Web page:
Just when it looks like the Fed might be ready to lower interest rates in the U.S., the European Central Bank has indicated it may raise rates over inflation worries. And at least one EU member state says the ECB's got it wrong, Stephen Beard reports.
The subprime lending fiasco has left the entire banking system a little tight on cash. And it couldn't have come at a worse time for college freshmen in need of student loans. Stacey Vanek-Smith reports.
Two months ago, in an attempt to stem breakneck inflation, Zimbabwe's government ordered businesses to freeze prices. Since then, it's been crippled by a shortage of basic goods, and inflation shows no sign of slowing, Gretchen Wilson reports.
Taiwan and China have a long-standing disagreement, to put it diplomatically, over whether Taiwan is independent. And China's powerful economy has forced the tiny island to be resourceful in gaining recognition from other nations. Dan Grech explains.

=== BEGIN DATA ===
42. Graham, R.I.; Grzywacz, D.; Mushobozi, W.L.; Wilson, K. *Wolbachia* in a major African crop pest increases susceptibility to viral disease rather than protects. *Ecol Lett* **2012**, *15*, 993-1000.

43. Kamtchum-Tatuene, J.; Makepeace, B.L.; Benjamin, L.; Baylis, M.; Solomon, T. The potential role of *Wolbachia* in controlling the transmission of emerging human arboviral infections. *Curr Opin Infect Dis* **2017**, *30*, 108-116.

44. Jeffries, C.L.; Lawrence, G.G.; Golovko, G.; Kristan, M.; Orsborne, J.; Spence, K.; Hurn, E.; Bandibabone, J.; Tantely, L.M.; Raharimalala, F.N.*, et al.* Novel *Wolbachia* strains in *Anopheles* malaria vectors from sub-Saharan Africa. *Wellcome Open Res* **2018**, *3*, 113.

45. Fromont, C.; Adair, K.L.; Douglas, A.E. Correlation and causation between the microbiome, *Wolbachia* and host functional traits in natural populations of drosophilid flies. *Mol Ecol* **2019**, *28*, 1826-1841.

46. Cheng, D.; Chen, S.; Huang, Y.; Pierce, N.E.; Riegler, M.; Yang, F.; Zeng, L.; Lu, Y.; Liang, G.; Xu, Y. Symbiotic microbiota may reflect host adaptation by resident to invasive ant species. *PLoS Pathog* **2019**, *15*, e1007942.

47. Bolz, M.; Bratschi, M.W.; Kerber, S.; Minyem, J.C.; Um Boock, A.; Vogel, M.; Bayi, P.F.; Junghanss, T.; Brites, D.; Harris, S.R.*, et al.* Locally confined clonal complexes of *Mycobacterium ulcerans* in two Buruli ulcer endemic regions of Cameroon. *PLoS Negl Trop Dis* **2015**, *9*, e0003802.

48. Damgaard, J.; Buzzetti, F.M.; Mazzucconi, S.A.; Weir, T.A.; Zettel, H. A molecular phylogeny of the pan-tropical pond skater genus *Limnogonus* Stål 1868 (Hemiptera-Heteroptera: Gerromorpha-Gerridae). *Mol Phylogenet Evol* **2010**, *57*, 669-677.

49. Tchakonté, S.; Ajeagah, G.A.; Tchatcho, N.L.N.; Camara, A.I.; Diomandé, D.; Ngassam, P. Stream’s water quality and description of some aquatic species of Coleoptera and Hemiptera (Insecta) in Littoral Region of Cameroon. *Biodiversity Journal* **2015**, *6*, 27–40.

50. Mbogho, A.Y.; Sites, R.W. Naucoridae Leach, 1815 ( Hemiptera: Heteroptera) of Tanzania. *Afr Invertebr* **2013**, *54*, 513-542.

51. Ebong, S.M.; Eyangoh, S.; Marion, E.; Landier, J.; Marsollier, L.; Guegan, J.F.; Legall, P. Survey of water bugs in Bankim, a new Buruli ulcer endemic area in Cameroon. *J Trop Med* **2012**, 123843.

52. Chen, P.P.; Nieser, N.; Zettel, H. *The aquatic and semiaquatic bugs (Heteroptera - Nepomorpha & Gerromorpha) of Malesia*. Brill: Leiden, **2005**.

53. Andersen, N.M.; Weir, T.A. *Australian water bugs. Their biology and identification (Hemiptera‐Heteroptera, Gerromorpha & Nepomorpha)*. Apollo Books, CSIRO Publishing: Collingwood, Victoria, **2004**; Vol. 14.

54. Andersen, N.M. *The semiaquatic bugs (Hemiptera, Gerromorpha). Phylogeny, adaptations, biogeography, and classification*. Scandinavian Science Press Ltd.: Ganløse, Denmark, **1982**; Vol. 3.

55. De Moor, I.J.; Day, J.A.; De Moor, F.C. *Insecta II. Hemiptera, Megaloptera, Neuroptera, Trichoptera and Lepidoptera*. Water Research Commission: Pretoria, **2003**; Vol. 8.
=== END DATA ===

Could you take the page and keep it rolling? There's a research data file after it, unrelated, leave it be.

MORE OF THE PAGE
Millions of American homeowners are now trapped in adjustable rate mortgages watching their monthly payments creep ever upward as options for refinancing dwindle away. We ask mortgage consultant Kassie Welch, what now?
When the U.S. subprime mortgage industry sputtered out, it sent world markets into a tailspin. But that's nothing compared to what a crash in China's financial market would do to the global economy, Chris Farrell tells us.
A federal judge today decides whether to approve $300 million fines against British Airways and Korean Air for colluding to fix fuel surcharge prices. But that cash won't compensate consumers who were overcharged. Jeremy Hobson reports.
It's amazing what a little extra cash can do. Word broke last night that Bank of America bought $2 billion of stock in ailing mortgage giant Countrywide Financial, and suddenly investors are feeling a bit rosier too. Amy Scott reports.
Today the AMA launches a three-year, multi-million-dollar ad campaign. Its goal: Stir up voters to ensure that '08 candidates take the issue of 45 million Americans without health insurance to heart. They want a real solution, Ashley Milne-Tyte reports.